To me, where Iwo Jima is the film of an older, less progressive Hollywood, Babel is the future. It defines its own structure. It plays with time and story and relationships. In the end, you feel like you figured something out, you unlocked a truth. That is one of the most important things a film can do. Make you read the text and meet the author halfway, find his message on your own, opposed to just watching the Powerpoint.
And what is this message? Well, essentially it’s a discussion of what it takes to truly realize another person. What it takes to understand their humanity in contrast to your own. There are all kind of hurdles in the quest for empathy and often we’re not willing to jump these hurdles, let alone how rarely we are even capable. In Babel we get an idea of exactly under what circumstances we can close this gap between you and I. It’s in the extremes of agony (and perhaps ecstasy as well). Here, in pain and suffering, we have no choice but to see each other as we are, at our worst and at our most human. So, having reached this understanding, we can reply with compassion or indifference. And maybe this is one of the most significant choices we will ever make.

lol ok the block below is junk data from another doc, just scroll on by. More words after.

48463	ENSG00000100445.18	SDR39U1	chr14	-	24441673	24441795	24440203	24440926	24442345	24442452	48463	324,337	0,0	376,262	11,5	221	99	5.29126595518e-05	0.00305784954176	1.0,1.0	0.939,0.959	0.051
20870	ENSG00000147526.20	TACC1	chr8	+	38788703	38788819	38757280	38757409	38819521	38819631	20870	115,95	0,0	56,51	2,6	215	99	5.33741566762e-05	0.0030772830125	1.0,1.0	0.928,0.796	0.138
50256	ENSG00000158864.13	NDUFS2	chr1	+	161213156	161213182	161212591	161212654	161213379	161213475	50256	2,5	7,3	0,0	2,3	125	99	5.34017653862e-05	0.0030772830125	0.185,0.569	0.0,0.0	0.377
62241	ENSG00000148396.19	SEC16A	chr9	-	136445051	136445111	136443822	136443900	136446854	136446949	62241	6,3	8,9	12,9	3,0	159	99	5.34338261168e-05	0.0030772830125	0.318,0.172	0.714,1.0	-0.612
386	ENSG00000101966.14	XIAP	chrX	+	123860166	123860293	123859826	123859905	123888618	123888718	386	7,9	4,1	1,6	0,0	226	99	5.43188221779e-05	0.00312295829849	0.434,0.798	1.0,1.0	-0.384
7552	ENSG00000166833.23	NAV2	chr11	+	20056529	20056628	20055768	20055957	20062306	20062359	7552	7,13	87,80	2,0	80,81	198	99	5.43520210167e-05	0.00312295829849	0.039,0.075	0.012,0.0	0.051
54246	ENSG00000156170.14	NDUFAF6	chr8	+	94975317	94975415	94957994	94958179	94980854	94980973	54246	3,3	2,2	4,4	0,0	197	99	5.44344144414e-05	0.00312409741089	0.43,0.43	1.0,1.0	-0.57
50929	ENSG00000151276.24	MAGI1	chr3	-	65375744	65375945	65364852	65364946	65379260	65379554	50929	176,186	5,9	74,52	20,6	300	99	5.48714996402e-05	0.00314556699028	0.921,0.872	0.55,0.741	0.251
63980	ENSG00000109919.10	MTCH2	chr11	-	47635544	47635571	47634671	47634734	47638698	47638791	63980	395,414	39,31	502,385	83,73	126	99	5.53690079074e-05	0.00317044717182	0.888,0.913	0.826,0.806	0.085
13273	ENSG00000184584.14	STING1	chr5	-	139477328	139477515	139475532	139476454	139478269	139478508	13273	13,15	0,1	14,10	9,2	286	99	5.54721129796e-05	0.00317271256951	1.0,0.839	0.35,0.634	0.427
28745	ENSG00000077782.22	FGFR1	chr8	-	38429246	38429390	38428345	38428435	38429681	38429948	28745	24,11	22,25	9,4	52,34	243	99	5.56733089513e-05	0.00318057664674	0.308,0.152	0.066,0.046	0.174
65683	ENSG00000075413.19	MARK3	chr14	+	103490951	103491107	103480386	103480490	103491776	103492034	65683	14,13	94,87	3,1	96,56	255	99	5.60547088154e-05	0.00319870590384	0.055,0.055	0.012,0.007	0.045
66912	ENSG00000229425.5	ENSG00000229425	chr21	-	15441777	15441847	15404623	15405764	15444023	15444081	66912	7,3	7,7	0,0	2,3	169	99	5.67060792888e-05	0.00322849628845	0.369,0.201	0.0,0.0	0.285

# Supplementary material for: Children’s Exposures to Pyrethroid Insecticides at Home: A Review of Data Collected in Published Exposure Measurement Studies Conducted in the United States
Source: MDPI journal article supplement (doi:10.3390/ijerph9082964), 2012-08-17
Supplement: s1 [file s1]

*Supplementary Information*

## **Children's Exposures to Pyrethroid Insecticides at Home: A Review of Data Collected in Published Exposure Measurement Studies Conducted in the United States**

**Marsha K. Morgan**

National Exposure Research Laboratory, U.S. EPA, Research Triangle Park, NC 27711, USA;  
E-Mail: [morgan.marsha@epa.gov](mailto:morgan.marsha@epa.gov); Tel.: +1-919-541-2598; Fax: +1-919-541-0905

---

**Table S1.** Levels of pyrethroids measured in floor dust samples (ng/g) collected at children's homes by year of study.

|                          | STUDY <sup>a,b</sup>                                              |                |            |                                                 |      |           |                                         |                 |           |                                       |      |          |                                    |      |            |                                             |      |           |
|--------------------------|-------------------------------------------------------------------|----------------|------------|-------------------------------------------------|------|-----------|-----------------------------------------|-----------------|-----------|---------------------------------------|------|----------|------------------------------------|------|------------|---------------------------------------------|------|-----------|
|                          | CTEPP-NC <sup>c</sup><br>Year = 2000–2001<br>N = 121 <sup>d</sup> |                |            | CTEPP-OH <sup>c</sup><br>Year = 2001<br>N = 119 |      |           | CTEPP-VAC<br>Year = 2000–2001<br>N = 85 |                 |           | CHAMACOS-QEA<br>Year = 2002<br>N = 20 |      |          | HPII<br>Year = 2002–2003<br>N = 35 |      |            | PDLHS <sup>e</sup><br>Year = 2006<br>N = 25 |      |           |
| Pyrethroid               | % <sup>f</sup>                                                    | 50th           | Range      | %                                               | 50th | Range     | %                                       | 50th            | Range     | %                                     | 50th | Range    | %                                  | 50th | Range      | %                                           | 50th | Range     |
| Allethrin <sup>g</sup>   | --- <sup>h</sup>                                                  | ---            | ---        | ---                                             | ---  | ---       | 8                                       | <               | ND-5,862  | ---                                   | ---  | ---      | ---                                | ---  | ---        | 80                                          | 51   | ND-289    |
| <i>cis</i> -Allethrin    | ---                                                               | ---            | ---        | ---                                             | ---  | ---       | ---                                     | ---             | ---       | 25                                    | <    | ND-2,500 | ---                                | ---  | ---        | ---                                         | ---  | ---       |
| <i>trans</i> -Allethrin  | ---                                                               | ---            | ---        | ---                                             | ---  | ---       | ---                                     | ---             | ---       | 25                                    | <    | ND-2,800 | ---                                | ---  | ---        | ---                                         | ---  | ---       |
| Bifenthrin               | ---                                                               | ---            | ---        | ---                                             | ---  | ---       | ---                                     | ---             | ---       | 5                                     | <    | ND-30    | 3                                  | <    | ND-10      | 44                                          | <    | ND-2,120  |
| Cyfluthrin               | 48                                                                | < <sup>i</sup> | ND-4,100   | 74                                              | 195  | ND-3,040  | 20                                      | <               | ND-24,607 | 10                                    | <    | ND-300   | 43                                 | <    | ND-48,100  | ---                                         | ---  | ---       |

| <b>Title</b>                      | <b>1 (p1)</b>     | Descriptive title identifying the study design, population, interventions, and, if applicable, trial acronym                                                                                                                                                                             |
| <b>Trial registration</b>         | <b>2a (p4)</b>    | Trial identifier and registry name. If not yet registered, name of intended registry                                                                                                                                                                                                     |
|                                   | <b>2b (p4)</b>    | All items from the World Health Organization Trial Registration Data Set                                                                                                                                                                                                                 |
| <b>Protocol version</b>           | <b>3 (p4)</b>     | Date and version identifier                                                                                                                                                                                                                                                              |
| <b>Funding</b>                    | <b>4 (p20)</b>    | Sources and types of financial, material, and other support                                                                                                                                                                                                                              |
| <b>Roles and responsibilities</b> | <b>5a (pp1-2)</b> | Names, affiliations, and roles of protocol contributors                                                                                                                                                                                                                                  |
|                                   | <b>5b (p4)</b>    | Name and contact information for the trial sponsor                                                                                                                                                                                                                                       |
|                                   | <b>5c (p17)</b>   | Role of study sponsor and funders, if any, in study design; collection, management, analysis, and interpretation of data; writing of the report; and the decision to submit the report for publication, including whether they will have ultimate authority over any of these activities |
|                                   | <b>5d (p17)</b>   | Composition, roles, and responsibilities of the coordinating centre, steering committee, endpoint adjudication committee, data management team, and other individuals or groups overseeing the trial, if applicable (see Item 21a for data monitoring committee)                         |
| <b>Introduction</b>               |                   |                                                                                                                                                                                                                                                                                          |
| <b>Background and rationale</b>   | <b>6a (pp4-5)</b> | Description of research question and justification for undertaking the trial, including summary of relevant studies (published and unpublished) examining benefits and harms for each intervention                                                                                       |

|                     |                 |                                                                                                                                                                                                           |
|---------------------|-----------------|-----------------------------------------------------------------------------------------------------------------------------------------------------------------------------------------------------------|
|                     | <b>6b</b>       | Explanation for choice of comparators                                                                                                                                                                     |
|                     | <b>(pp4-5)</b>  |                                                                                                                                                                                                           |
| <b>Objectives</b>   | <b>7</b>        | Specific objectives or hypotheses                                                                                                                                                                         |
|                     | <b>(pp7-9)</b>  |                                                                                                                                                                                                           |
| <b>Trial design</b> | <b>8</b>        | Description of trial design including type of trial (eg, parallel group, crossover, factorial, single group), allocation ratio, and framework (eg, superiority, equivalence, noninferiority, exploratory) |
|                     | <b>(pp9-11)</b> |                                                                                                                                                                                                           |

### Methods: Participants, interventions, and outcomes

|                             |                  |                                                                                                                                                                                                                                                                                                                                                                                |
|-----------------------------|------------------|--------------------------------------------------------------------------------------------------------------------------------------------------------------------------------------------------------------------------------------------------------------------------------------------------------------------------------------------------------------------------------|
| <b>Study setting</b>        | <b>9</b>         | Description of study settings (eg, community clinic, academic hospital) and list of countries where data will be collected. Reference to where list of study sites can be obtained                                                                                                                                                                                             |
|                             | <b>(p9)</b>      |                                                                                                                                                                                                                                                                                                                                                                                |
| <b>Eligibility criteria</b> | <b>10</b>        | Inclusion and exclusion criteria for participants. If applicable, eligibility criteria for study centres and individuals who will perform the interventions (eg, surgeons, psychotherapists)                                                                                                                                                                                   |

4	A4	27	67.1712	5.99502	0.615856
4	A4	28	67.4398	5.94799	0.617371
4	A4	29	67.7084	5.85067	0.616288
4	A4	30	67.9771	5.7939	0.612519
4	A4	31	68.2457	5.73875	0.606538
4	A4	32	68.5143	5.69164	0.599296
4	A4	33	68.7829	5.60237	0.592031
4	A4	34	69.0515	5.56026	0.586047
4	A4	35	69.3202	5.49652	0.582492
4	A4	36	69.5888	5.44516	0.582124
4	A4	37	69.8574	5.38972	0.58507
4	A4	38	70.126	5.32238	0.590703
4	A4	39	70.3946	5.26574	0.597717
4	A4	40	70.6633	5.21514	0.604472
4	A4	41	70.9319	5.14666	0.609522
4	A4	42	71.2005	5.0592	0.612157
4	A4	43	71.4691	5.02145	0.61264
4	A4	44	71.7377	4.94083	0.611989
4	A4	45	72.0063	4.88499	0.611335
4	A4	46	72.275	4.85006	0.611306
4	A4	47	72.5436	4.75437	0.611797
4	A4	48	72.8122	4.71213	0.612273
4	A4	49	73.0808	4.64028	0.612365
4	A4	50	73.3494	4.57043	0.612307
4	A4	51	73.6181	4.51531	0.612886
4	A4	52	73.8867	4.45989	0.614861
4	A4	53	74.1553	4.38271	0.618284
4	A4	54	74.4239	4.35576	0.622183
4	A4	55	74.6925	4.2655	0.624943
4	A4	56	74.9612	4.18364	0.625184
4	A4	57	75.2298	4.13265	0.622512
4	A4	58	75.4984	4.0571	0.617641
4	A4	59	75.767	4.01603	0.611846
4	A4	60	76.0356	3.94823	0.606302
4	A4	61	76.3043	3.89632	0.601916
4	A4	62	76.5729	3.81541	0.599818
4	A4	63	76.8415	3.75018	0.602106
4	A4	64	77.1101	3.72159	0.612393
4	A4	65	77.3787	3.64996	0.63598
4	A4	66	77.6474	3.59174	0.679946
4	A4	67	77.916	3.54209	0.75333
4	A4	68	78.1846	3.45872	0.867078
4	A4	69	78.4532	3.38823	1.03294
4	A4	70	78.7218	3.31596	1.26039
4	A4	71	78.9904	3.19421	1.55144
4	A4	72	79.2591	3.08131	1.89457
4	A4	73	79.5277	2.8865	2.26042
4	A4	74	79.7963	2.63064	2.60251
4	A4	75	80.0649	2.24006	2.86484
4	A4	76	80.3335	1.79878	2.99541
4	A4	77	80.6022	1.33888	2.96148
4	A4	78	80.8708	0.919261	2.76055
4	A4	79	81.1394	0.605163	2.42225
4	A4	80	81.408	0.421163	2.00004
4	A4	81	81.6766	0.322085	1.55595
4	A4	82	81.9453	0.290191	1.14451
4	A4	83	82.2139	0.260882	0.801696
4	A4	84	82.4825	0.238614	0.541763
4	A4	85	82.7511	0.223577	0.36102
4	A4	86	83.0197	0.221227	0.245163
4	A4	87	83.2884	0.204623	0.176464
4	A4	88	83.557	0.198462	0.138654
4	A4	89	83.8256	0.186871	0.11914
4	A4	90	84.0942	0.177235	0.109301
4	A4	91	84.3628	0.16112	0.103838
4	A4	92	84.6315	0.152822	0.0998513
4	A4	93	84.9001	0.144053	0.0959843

The performances were generally excellent. Some yays and nays for Brad Pitt, the general nay being that it’s nothing new, or it’s simply Brad Pitt actually looking his own age, but I really enjoyed his performance. I think it’s important to recognize real talent and not allow ourselves to take it for granted just because it never falters. A couple of the newcomers, Adriana Barraza and Rinko Kikuchi (both nominated) were spectacular. Maybe this is a testament to the direction, maybe not. At any rate, some really great performances.
Not only was this film well done, but it is important. This is a distinction we don’t make enough when judging the big films. Did this affect me? Did I learn something, or at least consider something I hadn’t before? We have this view of film-making or writing as something we, as the humble audience, could never do. But y’know what? That’s dumb. Making a good film isn’t as hard as we think it is. What’s much harder than making a good film is making a film that actually means something. A film that changes your perspective even if only momentarily. A film that speaks to your head and your heart. Think about that next time you watch one of the big ones.